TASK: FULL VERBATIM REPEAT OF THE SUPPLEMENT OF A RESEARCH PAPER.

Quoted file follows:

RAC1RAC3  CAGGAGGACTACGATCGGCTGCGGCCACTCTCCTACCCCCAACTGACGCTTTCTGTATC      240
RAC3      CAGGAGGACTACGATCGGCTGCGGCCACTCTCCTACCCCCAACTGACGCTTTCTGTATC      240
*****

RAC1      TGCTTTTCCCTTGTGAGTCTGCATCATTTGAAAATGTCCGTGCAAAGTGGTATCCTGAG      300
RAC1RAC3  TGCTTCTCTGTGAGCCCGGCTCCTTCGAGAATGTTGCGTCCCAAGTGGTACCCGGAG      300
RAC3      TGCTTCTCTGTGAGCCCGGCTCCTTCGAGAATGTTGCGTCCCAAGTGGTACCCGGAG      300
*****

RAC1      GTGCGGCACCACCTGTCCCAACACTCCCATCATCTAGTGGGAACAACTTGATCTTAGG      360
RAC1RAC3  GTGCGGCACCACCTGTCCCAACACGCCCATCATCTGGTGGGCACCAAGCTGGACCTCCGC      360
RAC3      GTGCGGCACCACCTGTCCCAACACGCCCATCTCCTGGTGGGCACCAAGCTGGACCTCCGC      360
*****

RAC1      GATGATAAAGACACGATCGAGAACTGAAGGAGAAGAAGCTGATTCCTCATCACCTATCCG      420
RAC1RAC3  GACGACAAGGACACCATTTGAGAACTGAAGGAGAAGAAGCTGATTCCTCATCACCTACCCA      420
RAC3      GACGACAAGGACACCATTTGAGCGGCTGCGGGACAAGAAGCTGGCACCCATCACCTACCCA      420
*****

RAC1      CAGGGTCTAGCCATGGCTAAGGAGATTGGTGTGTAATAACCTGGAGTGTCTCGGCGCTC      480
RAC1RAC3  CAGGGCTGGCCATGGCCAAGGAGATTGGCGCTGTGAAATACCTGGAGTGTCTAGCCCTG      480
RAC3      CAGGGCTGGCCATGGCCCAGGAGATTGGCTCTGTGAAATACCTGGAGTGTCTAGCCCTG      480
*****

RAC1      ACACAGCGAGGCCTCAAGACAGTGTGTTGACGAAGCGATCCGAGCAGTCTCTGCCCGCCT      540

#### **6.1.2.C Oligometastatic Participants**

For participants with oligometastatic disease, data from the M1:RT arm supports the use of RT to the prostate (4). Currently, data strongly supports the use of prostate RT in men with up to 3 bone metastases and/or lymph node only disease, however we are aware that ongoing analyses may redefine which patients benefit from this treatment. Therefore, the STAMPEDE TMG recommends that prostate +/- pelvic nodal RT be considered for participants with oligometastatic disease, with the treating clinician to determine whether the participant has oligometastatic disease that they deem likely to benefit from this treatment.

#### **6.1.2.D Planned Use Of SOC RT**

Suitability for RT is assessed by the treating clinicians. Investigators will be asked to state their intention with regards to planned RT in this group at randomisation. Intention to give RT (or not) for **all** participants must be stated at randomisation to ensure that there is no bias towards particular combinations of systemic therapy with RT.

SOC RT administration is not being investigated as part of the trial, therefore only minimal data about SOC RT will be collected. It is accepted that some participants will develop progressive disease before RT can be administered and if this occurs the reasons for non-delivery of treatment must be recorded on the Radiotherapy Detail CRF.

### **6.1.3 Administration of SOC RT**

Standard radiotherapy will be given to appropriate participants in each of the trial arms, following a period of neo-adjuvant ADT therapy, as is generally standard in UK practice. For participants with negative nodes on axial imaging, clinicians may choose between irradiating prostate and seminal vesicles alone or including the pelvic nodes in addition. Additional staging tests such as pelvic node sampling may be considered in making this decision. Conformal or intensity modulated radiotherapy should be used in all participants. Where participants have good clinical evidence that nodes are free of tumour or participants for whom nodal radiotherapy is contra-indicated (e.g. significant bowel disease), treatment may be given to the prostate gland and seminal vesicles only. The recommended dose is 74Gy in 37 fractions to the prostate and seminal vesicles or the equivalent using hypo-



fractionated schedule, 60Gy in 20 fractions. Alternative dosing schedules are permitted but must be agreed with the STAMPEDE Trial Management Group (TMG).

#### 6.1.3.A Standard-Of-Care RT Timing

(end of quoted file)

RAC1RAC3  CAGGAGGACTACGATCGGCTGCGGCCACTCTCCTACCCCCAACTGACGCTTTCTGTATC      240
RAC3      CAGGAGGACTACGATCGGCTGCGGCCACTCTCCTACCCCCAACTGACGCTTTCTGTATC      240
*****

RAC1      TGCTTTTCCCTTGTGAGTCTGCATCATTTGAAAATGTCCGTGCAAAGTGGTATCCTGAG      300
RAC1RAC3  TGCTTCTCTGTGAGCCCGGCTCCTTCGAGAATGTTGCGTCCCAAGTGGTACCCGGAG      300
RAC3      TGCTTCTCTGTGAGCCCGGCTCCTTCGAGAATGTTGCGTCCCAAGTGGTACCCGGAG      300
*****

RAC1      GTGCGGCACCACCTGTCCCAACACTCCCATCATCTAGTGGGAACAACTTGATCTTAGG      360
RAC1RAC3  GTGCGGCACCACCTGTCCCAACACGCCCATCATCTGGTGGGCACCAAGCTGGACCTCCGC      360
RAC3      GTGCGGCACCACCTGTCCCAACACGCCCATCTCCTGGTGGGCACCAAGCTGGACCTCCGC      360
*****

RAC1      GATGATAAAGACACGATCGAGAACTGAAGGAGAAGAAGCTGATTCCTCATCACCTATCCG      420
RAC1RAC3  GACGACAAGGACACCATTTGAGAACTGAAGGAGAAGAAGCTGATTCCTCATCACCTACCCA      420
RAC3      GACGACAAGGACACCATTTGAGCGGCTGCGGGACAAGAAGCTGGCACCCATCACCTACCCA      420
*****

RAC1      CAGGGTCTAGCCATGGCTAAGGAGATTGGTGTGTAATAACCTGGAGTGTCTCGGCGCTC      480
RAC1RAC3  CAGGGCTGGCCATGGCCAAGGAGATTGGCGCTGTGAAATACCTGGAGTGTCTAGCCCTG      480
RAC3      CAGGGCTGGCCATGGCCCAGGAGATTGGCTCTGTGAAATACCTGGAGTGTCTAGCCCTG      480
*****

RAC1      ACACAGCGAGGCCTCAAGACAGTGTGTTGACGAAGCGATCCGAGCAGTCTCTGCCCGCCT      540

#### **6.1.2.C Oligometastatic Participants**

For participants with oligometastatic disease, data from the M1:RT arm supports the use of RT to the prostate (4). Currently, data strongly supports the use of prostate RT in men with up to 3 bone metastases and/or lymph node only disease, however we are aware that ongoing analyses may redefine which patients benefit from this treatment. Therefore, the STAMPEDE TMG recommends that prostate +/- pelvic nodal RT be considered for participants with oligometastatic disease, with the treating clinician to determine whether the participant has oligometastatic disease that they deem likely to benefit from this treatment.

#### **6.1.2.D Planned Use Of SOC RT**

Suitability for RT is assessed by the treating clinicians. Investigators will be asked to state their intention with regards to planned RT in this group at randomisation. Intention to give RT (or not) for **all** participants must be stated at randomisation to ensure that there is no bias towards particular combinations of systemic therapy with RT.

SOC RT administration is not being investigated as part of the trial, therefore only minimal data about SOC RT will be collected. It is accepted that some participants will develop progressive disease before RT can be administered and if this occurs the reasons for non-delivery of treatment must be recorded on the Radiotherapy Detail CRF.

### **6.1.3 Administration of SOC RT**

Standard radiotherapy will be given to appropriate participants in each of the trial arms, following a period of neo-adjuvant ADT therapy, as is generally standard in UK practice. For participants with negative nodes on axial imaging, clinicians may choose between irradiating prostate and seminal vesicles alone or including the pelvic nodes in addition. Additional staging tests such as pelvic node sampling may be considered in making this decision. Conformal or intensity modulated radiotherapy should be used in all participants. Where participants have good clinical evidence that nodes are free of tumour or participants for whom nodal radiotherapy is contra-indicated (e.g. significant bowel disease), treatment may be given to the prostate gland and seminal vesicles only. The recommended dose is 74Gy in 37 fractions to the prostate and seminal vesicles or the equivalent using hypo-



fractionated schedule, 60Gy in 20 fractions. Alternative dosing schedules are permitted but must be agreed with the STAMPEDE Trial Management Group (TMG).

#### 6.1.3.A Standard-Of-Care RT Timing